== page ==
Lucy Maud Montgomery

The Golden Road

Chapter 20



As will be seen there is no Honour Roll in this number. Even Felicity has thought all the beautiful thoughts that can be thought and cannot think any more. Peter has never got drunk but, under existing circumstances, that is not greatly to his credit. As for our written resolutions they have silently disappeared from our chamber walls and the place that once knew them knows them no more for ever. (PETER, PERPLEXEDLY: “Seems to me I’ve heard something like that before.”) It is very sad but we will all make some new resolutions next year and maybe it will be easier to keep those.


This was a story my Aunt Jane told me about her granma when she was a little girl. Its funny to think of baking a locket, but it wasn’t to eat. She was my great granma but Ill call her granma for short. It happened when she was ten years old. Of course she wasent anybodys granma then. Her father and mother and her were living in a new settlement called Brinsley. Their nearest naybor was a mile away. One day her Aunt Hannah from Charlottetown came and wanted her ma to go visiting with her. At first granma’s ma thought she couldent go because it was baking day and granma’s pa was away. But granma wasent afraid to stay alone and she knew how to bake the bread so she made her ma go and her Aunt Hannah took off the handsome gold locket and chain she was waring round her neck and hung it on granmas and told her she could ware it all day. Granma was awful pleased for she had never had any jewelry. She did all the chores and then was needing the loaves when she looked up and saw a tramp coming in and he was an awful villenus looking tramp. He dident even pass the time of day but just set down on a chair. Poor granma was awful fritened and she turned her back on him and went on needing the loaf cold and trembling—that is, granma was trembling not the loaf. She was worried about the locket. She didn’t know how she could hide it for to get anywhere she would have to turn round and pass him.

All of a suddent she thought she would hide it in the bread. She put her hand up and pulled it hard and quick and broke the fastening and needed it right into the loaf. Then she put the loaf in the pan and set it in the oven.

The tramp hadent seen her do it and then he asked for something to eat. Granma got him up a meal and when hed et it he began prowling about the kitchen looking into everything and opening the cubbord doors. Then he went into granma’s mas room and turned the buro drawers and trunk inside out and threw the things in them all about. All he found was a purse with a dollar in it and he swore about it and took it and went away. When granma was sure he was really gone she broke down and cried. She forgot all about the bread and it burned as black as coal. When she smelled it burning granma run and pulled it out. She was awful scared the locket was spoiled but she sawed open the loaf and it was there safe and sound. When her Aunt Hannah came back she said granma deserved the locket because she had saved it so clever and she gave it to her and grandma always wore it and was very proud of it. And granma used to say that was the only loaf of bread she ever spoiled in her life.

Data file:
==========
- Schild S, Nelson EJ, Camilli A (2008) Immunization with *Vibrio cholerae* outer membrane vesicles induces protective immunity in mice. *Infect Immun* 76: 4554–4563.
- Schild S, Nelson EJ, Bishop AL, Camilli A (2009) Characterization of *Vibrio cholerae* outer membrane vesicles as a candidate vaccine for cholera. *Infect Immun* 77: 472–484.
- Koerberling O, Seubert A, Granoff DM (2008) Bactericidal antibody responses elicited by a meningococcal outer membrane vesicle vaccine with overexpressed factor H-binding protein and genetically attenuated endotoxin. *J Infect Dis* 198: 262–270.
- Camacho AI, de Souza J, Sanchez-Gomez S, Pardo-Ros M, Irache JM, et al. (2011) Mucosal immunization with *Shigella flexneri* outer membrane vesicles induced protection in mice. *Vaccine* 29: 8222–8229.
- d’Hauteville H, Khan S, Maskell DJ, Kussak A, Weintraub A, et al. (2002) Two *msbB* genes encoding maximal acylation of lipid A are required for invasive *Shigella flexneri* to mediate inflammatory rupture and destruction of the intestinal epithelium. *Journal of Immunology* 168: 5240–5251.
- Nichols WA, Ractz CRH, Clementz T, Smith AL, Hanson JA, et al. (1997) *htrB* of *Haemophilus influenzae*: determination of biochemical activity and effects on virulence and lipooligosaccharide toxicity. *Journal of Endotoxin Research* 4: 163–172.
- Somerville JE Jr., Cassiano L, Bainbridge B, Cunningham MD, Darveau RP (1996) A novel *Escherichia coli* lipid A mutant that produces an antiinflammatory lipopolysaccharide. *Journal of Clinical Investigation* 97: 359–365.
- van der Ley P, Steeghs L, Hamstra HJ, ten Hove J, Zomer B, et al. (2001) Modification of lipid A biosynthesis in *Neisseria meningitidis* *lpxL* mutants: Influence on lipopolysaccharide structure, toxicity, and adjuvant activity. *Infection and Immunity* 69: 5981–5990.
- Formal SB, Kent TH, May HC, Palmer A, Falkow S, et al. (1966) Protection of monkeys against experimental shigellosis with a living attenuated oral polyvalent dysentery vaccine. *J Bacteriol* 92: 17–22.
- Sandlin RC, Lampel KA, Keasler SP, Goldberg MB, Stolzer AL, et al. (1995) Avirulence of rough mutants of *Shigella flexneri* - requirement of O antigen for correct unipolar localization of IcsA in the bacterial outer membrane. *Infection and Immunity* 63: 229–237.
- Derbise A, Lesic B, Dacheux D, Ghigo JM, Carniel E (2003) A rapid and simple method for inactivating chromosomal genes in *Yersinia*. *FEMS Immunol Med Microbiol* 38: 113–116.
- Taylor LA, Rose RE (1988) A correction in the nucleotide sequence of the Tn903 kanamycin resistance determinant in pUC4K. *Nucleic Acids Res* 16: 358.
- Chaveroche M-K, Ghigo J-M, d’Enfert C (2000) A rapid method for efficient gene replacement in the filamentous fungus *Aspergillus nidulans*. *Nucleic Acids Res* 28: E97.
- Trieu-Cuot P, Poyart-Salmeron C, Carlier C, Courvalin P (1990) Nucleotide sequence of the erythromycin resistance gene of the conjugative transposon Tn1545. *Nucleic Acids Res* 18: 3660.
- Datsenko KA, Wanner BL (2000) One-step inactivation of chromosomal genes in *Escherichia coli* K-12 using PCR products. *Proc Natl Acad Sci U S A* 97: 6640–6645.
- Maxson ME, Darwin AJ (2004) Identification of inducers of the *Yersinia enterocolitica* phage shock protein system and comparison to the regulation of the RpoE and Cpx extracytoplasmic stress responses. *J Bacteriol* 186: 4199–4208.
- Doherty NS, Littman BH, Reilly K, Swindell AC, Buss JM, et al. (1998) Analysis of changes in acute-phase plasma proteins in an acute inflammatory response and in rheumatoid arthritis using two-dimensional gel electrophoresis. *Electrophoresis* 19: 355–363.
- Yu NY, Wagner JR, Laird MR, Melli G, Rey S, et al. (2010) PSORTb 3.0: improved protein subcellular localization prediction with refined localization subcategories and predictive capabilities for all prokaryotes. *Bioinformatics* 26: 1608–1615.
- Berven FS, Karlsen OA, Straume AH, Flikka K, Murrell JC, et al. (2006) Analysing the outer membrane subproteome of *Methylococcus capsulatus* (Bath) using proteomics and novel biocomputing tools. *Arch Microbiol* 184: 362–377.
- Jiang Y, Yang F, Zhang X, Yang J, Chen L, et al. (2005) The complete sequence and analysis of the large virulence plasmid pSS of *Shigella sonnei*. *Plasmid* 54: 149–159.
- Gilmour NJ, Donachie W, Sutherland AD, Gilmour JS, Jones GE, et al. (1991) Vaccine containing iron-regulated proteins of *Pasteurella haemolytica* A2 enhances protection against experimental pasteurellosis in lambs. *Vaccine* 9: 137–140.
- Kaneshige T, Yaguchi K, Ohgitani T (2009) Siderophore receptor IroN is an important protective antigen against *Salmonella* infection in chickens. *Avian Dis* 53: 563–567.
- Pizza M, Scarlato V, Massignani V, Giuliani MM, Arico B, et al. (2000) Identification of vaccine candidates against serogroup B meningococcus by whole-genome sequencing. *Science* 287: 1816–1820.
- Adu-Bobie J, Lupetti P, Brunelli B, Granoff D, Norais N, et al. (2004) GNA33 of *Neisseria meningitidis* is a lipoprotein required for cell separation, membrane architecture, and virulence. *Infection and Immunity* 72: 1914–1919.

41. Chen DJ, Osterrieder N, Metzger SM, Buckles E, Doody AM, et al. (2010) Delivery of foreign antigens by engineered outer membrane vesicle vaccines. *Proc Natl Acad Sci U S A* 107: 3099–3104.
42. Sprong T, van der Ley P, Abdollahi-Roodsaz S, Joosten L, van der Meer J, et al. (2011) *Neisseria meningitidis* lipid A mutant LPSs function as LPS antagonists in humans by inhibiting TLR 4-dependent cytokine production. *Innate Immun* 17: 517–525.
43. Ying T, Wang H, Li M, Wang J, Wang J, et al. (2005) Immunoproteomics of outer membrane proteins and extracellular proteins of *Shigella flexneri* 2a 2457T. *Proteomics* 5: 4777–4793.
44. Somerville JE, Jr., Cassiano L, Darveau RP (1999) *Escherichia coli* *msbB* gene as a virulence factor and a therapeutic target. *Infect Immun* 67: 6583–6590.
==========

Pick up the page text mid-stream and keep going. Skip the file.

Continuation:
PETER CRAIG.

(FELICITY: “Those stories are all very well but they are only true stories. It’s easy enough to write true stories. I thought Peter was appointed fiction editor, but he has never written any fiction since the paper started. That’s not MY idea of a fiction editor. He ought to make up stories out of his own head.” PETER, SPUNKILY: “I can do it, too, and I will next time. And it ain’t easier to write true stories. It’s harder, ‘cause you have to stick to facts.” FELICITY: “I don’t believe you could make up a story.” PETER: “I’ll show you!”)


It’s my turn to write it but I’m SO NERVOUS. My worst adventure happened TWO YEARS AGO. It was an awful one. I had a striped ribbon, striped brown and yellow and I LOST IT. I was very sorry for it was a handsome ribbon and all the girls in school were jealous of it. (FELICITY: “I wasn’t. I didn’t think it one bit pretty.” CECILY: “Hush!”) I hunted everywhere but I couldn’t find it. Next day was Sunday and I was running into the house by the front door and I saw SOMETHING LYING ON THE STEP and I thought it was my ribbon and I made a grab at it as I passed. But, oh, it was A SNAKE! Oh, I can never describe how I felt when I felt that awful thing WRIGGLING IN MY HAND. I let it go and SCREAMED AND SCREAMED, and ma was cross at me for yelling on Sunday and made me read seven chapters in the Bible but I didn’t mind that much after what I had come through. I would rather DIE than have SUCH AN EXPERIENCE again.

                                         SARA RAY.


         Oh maiden fair with golden hair
         And brow of purest white,
         Id fight for you I’d die for you
         Let me be your faithful knite.

         This is your berthday blessed day
         You are thirteen years old today
         May you be happy and fair as you are now
         Until your hair is gray.

         I gaze into your shining eyes,
         They are so blue and bright.
         Id fight for you Id die for you
         Let me be your faithful knite.

                                     A FRIEND.

(DAN: “Great snakes, who got that up? I’ll bet it was Peter.” FELICITY, WITH DIGNITY: “Well, it’s more than YOU could do. YOU couldn’t write poetry to save your life.” PETER, ASIDE TO BEVERLEY: “She seems quite pleased. I’m glad I wrote it, but it was awful hard work.”)


Patrick Grayfur, Esq., caused his friends great anxiety recently by a prolonged absence from home. When found he was very thin but is now as fat and conceited as ever.